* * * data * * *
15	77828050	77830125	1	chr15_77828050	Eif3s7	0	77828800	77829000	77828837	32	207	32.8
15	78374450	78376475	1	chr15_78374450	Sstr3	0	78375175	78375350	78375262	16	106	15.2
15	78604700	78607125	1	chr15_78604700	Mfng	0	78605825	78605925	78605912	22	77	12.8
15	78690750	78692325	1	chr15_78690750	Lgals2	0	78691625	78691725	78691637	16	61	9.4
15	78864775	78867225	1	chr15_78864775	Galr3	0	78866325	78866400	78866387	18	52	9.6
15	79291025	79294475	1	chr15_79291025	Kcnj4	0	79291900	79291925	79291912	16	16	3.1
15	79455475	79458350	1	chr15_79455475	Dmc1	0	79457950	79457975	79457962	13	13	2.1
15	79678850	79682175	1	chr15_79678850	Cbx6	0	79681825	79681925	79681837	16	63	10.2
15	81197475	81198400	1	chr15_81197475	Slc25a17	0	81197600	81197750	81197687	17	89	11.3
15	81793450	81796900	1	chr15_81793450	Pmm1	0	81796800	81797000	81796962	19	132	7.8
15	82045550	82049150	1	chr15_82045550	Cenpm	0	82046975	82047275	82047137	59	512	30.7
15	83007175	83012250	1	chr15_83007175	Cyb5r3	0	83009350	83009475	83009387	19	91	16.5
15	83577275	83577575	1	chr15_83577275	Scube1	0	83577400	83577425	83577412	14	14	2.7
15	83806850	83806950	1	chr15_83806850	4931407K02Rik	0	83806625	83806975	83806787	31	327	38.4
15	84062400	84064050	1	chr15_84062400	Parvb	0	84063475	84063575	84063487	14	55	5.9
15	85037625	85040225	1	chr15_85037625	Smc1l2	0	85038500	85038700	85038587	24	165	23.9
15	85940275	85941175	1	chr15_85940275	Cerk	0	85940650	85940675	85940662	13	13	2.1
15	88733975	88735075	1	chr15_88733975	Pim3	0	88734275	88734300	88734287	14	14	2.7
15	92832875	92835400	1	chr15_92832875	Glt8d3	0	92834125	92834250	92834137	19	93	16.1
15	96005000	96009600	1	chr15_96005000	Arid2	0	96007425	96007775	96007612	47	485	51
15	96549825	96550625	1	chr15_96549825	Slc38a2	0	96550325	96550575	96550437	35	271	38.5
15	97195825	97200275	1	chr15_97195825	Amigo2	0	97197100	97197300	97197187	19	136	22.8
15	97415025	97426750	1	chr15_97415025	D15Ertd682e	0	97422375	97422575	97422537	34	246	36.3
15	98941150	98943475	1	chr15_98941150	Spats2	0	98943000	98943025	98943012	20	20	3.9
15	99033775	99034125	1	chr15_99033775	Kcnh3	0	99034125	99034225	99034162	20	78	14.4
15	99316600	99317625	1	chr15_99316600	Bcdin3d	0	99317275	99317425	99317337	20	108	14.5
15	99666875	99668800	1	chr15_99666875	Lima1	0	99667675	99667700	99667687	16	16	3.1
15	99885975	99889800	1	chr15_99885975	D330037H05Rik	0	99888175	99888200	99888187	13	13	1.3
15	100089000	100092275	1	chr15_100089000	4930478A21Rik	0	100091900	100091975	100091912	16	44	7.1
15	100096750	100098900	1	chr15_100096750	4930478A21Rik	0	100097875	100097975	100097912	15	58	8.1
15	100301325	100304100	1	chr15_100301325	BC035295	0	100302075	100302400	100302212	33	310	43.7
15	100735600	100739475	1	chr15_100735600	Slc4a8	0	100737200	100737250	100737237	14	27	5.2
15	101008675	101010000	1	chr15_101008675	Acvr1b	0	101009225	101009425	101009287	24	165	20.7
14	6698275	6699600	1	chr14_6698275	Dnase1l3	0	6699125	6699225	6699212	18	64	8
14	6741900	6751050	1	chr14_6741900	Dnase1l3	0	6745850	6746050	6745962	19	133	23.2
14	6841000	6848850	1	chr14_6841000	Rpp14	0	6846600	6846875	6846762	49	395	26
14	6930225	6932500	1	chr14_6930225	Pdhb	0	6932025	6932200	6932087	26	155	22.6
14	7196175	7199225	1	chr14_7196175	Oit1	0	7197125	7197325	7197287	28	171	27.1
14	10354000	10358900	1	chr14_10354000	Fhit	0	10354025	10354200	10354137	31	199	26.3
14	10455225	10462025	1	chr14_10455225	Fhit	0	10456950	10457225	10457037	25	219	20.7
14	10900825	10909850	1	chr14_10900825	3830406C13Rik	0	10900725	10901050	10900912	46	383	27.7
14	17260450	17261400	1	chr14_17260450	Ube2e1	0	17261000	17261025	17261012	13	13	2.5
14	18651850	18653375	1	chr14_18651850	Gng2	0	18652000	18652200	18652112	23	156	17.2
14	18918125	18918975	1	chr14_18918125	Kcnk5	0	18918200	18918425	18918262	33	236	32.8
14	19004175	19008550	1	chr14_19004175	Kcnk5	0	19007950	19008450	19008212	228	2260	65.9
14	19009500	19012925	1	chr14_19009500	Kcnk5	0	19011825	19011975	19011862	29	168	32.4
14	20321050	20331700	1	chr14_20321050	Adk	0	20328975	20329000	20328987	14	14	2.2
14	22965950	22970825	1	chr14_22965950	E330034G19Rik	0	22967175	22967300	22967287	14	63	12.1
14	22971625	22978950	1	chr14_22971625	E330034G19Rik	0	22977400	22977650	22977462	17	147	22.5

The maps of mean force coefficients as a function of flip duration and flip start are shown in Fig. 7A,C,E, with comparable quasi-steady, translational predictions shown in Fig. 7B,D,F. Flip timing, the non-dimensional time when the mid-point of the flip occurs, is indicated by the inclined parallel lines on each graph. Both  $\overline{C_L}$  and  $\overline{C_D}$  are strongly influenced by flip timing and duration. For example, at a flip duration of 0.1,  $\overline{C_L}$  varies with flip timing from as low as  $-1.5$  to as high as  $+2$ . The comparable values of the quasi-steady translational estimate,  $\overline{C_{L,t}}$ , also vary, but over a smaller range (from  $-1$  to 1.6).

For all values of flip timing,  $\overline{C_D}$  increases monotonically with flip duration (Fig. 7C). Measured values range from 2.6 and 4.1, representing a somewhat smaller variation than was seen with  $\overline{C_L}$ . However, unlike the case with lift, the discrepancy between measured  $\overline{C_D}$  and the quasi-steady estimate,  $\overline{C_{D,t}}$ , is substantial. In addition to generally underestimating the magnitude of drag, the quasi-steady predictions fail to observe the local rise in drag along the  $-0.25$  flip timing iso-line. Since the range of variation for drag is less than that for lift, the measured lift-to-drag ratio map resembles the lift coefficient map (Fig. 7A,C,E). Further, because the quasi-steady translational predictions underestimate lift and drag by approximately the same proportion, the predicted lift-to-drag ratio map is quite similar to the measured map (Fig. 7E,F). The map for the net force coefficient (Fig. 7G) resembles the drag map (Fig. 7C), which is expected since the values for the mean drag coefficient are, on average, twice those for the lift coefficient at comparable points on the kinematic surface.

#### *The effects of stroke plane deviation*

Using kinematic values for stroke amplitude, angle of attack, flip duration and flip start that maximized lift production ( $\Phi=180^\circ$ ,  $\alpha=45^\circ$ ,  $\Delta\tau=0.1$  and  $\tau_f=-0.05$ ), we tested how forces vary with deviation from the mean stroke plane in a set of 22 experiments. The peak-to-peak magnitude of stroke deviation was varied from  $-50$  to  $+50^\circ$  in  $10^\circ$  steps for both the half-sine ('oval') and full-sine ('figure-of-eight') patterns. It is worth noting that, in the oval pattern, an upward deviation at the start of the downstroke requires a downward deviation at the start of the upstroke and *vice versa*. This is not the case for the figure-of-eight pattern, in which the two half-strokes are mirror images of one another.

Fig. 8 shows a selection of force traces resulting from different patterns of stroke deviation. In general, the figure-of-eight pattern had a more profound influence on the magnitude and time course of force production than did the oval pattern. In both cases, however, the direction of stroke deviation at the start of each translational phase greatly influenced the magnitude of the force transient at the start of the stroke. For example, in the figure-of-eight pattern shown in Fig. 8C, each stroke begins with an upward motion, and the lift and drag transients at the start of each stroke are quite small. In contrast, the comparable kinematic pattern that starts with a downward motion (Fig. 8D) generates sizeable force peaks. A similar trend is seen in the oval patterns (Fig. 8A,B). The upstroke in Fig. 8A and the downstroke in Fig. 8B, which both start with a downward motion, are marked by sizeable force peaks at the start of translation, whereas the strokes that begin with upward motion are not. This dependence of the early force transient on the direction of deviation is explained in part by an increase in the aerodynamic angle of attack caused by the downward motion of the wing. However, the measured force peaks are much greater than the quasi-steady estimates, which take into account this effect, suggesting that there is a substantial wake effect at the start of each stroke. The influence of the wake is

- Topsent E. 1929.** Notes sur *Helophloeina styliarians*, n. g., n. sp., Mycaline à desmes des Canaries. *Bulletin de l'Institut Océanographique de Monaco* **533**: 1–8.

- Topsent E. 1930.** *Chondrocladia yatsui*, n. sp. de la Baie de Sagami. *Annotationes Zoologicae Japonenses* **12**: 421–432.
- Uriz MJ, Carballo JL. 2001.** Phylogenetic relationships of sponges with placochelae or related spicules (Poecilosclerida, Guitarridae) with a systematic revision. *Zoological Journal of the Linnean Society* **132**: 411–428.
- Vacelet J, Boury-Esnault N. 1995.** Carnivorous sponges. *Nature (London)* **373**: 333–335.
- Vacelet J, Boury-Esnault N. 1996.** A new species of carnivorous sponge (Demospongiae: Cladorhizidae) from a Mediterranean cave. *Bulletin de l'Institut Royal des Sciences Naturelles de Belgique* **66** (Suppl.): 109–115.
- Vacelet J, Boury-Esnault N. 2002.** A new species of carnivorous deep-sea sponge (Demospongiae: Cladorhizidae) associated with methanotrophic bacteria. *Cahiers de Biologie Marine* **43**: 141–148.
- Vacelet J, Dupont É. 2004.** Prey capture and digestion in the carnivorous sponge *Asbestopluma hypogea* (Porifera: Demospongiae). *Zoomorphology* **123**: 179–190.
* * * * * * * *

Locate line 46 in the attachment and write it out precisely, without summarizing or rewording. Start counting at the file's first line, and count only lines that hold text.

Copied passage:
14	19009500	19012925	1	chr14_19009500	Kcnk5	0	19011825	19011975	19011862	29	168	32.4